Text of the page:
There are two “mandatory accessories” that many dealers install on all trailers as a matter of course: a tongue jack and a spare tire. The tongue jack with have a wheel and makes it easier to move the trailer around the driveway or garage, and easier to lift up on to the hitch ball. If you are towing any distance the spare is going to save your day, sooner or later, and you may as well mount it on the trailer so its never overlooked. Make sure you also have a lug wrench that will fit the trailer wheel bolts, and a jack you can use to lift the trailer to change a flat. The tools with your vehicle might work. If not pick up a wrench of the correct size and a small jack at an auto parts store or department.

Similar to a boat trailer, you can expect to find a hand-crack on most PWC trailers—making it easy to secure your craft to the front of the trailer.

PWC trailers will have a hand-cranked winch on the bow stop that will also secure the front of the craft to the trailer. For the stern you’ll want a pair of the tie-down straps for each watercraft. Hook one end to the U bolts on the stern of the PWC and the other to eyes or hooks on the trailer.

Other accessories we like are wheel chocks to keep the trailer from rolling away when it’s not attached to the vehicle, a walkboard for double trailers that makes it easier to get on and off the craft when launching and loading, and trailer guides that make the trailer visible when being towed behind a taller vehicle, like a pick-up truck. The guides can be as simple as a length of PVC pipe secured to the rear of the trailer frame so you can see what the trailer is doing when trying to back up. If you trailer your craft for each outing, a locking gear box that mounts on the trailer tongue will be handy for storing those tie-down straps and PWC covers after you launch, and the tire tools all the time. There are also racks designed to hold fuel jugs that mount on the trailer tongue.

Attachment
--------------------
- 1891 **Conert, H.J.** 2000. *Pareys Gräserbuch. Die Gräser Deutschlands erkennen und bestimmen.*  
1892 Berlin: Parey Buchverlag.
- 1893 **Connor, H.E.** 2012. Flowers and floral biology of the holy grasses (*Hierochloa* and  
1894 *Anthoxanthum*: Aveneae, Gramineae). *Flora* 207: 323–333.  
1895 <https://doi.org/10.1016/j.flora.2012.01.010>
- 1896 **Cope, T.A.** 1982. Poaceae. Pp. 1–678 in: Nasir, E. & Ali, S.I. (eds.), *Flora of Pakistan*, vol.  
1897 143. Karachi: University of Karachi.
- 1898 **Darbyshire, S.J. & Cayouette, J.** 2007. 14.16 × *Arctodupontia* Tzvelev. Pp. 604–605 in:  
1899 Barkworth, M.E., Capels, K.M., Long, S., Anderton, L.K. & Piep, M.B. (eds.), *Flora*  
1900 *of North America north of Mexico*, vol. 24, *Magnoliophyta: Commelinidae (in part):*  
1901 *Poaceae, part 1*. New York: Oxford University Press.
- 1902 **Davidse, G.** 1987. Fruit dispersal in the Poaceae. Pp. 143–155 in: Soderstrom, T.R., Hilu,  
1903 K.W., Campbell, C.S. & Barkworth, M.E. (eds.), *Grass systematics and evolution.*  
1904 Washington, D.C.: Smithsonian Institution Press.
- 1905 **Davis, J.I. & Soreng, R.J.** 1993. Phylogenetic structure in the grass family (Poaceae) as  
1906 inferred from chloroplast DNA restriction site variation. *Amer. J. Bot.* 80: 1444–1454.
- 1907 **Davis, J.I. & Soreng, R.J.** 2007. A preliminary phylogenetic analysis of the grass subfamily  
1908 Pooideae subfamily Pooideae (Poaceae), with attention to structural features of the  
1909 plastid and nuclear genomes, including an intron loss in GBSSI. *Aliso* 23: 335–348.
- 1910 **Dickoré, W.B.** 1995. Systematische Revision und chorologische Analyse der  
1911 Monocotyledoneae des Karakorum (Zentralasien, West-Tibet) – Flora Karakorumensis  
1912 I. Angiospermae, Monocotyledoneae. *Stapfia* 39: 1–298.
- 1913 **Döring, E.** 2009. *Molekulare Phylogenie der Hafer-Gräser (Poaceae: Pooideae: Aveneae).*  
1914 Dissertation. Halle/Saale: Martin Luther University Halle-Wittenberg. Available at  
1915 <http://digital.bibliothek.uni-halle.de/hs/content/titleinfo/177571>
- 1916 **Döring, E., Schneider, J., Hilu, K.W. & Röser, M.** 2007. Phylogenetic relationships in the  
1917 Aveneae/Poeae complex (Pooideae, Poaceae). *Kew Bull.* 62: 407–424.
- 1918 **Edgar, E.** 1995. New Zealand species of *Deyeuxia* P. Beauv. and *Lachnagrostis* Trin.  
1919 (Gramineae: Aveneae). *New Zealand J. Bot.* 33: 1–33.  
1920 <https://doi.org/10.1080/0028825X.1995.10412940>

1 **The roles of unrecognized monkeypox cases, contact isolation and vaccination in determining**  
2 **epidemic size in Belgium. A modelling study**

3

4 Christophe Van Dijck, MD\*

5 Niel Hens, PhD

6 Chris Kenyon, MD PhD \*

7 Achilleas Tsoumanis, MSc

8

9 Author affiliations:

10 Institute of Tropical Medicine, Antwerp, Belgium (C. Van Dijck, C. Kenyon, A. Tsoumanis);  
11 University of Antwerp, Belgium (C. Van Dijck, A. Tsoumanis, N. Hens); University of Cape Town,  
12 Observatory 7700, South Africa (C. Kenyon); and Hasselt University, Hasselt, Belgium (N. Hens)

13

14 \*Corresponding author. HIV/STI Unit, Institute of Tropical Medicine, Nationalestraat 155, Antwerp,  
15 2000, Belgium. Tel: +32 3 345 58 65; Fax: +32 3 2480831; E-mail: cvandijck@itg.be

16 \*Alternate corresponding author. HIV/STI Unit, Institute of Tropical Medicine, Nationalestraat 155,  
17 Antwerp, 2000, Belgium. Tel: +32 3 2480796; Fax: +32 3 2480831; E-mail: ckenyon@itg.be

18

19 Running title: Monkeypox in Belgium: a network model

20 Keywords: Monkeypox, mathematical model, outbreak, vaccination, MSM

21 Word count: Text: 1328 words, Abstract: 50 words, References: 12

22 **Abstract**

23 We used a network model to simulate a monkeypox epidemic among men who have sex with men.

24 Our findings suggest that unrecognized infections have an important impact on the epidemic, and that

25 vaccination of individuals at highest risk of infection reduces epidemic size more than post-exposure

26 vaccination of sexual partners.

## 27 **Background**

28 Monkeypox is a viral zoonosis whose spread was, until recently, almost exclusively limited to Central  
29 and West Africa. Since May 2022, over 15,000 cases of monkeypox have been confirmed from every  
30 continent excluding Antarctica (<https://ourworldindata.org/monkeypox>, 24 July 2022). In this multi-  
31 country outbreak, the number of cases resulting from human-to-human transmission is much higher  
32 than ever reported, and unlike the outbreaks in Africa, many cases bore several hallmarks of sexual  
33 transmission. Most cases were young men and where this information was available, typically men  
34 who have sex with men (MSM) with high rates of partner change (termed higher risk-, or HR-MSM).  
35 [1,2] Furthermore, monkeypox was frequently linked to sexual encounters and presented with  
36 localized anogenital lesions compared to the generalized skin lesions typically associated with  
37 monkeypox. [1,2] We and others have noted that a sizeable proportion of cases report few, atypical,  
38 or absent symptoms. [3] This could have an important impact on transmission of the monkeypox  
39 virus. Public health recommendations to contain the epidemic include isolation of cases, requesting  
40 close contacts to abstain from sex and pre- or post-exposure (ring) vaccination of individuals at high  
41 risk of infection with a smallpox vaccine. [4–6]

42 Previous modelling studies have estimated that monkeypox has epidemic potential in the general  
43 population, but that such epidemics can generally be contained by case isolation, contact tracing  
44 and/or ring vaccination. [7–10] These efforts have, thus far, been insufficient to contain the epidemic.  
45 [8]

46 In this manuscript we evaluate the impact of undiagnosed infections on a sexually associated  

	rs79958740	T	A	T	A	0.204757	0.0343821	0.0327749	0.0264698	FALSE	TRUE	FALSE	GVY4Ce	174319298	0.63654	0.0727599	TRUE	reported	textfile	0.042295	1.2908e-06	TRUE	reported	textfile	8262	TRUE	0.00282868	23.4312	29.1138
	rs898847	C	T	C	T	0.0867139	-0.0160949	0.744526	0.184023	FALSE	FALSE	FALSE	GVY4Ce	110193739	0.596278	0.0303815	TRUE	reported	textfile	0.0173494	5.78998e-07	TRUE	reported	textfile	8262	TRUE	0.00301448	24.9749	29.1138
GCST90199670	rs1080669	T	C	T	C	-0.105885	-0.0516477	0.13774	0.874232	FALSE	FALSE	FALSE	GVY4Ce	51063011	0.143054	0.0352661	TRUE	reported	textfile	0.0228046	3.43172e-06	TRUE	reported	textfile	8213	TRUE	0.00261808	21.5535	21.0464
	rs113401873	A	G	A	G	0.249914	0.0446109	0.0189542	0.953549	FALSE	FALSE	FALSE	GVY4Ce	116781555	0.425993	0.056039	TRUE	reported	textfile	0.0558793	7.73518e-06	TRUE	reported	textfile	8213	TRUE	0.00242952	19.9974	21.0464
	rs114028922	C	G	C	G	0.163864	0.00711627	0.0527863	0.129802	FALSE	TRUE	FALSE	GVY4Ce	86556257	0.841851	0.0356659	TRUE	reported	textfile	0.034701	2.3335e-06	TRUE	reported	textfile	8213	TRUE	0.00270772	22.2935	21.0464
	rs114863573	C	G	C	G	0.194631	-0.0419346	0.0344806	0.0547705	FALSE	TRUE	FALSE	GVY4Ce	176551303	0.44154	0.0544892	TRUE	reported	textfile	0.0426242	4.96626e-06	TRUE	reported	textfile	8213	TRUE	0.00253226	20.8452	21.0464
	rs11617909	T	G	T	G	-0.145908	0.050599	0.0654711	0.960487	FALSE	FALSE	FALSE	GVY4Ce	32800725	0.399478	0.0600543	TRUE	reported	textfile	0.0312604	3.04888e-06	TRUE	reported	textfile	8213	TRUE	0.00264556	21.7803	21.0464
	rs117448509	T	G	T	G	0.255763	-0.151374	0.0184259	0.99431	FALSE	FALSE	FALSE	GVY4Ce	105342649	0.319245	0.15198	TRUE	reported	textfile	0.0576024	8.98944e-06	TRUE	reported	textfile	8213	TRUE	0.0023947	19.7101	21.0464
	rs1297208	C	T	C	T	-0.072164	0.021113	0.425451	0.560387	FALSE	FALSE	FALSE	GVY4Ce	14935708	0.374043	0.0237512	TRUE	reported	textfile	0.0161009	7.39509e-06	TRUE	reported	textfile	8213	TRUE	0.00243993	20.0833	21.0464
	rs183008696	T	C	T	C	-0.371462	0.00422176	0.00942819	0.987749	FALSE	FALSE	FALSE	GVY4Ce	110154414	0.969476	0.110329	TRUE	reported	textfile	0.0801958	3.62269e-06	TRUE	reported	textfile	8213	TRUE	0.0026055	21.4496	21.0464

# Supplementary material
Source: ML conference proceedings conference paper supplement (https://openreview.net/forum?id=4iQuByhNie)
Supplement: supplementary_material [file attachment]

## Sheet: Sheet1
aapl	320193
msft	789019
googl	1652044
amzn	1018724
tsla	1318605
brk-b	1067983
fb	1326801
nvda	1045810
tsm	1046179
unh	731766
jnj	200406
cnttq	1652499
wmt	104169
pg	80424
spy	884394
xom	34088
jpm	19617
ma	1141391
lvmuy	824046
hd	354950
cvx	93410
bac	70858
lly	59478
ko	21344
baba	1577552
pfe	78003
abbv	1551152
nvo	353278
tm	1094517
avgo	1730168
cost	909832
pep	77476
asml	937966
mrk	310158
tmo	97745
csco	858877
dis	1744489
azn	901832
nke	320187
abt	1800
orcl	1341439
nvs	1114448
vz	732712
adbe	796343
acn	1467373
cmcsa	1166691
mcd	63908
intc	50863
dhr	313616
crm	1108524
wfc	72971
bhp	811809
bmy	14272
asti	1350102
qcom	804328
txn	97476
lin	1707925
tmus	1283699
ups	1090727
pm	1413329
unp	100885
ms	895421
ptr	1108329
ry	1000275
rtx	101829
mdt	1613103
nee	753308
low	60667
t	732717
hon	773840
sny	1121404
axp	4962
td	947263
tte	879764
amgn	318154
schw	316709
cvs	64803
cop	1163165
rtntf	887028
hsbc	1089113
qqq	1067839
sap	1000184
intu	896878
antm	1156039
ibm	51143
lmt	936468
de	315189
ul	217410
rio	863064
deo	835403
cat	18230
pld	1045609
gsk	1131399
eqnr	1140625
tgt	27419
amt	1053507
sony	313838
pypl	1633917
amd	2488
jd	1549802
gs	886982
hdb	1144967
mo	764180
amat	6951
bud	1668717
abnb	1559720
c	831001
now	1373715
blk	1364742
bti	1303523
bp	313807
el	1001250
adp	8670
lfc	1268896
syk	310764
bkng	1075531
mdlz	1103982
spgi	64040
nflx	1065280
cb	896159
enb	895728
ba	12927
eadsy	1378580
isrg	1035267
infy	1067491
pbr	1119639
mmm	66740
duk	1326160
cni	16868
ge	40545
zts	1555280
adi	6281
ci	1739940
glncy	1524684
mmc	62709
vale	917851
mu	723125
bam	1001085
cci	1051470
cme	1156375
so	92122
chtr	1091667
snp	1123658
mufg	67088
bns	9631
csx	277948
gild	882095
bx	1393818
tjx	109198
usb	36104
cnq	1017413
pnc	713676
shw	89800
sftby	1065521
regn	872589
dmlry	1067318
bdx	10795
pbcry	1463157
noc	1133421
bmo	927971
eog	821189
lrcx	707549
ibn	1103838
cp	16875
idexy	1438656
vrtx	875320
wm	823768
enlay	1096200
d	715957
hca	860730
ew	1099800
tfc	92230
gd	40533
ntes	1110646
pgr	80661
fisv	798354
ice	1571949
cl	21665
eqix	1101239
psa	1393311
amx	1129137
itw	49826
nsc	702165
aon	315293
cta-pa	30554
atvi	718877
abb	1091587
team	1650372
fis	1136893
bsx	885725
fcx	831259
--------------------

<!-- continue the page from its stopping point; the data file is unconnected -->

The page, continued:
If you buy a used PWC trailer, check the same items you would look at on any boat trailer. Have the wheel bearings serviced, and check the lights and wiring and consider updating to new wiring and modern LED light elements – a pretty easy direway job for the DIYer. Check the date code on the tires (including the spare) and replace them if the tires are more than 10 years old, even if the tread looks good. Find that VIN sticker on the trailer frame. It will specify the correct size tires for the load rating. Make sure the tires were not replaced with the incorrect size at the some point. Replace or recover worn bunks to prevent hull damage and to make it easier to launch and load.

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Written by: Charles Plueddeman
Charles Plueddeman is Boats.com's outboard, trailer, and PWC expert. He is a former editor at Boating Magazine and contributor to many national publications since 1986.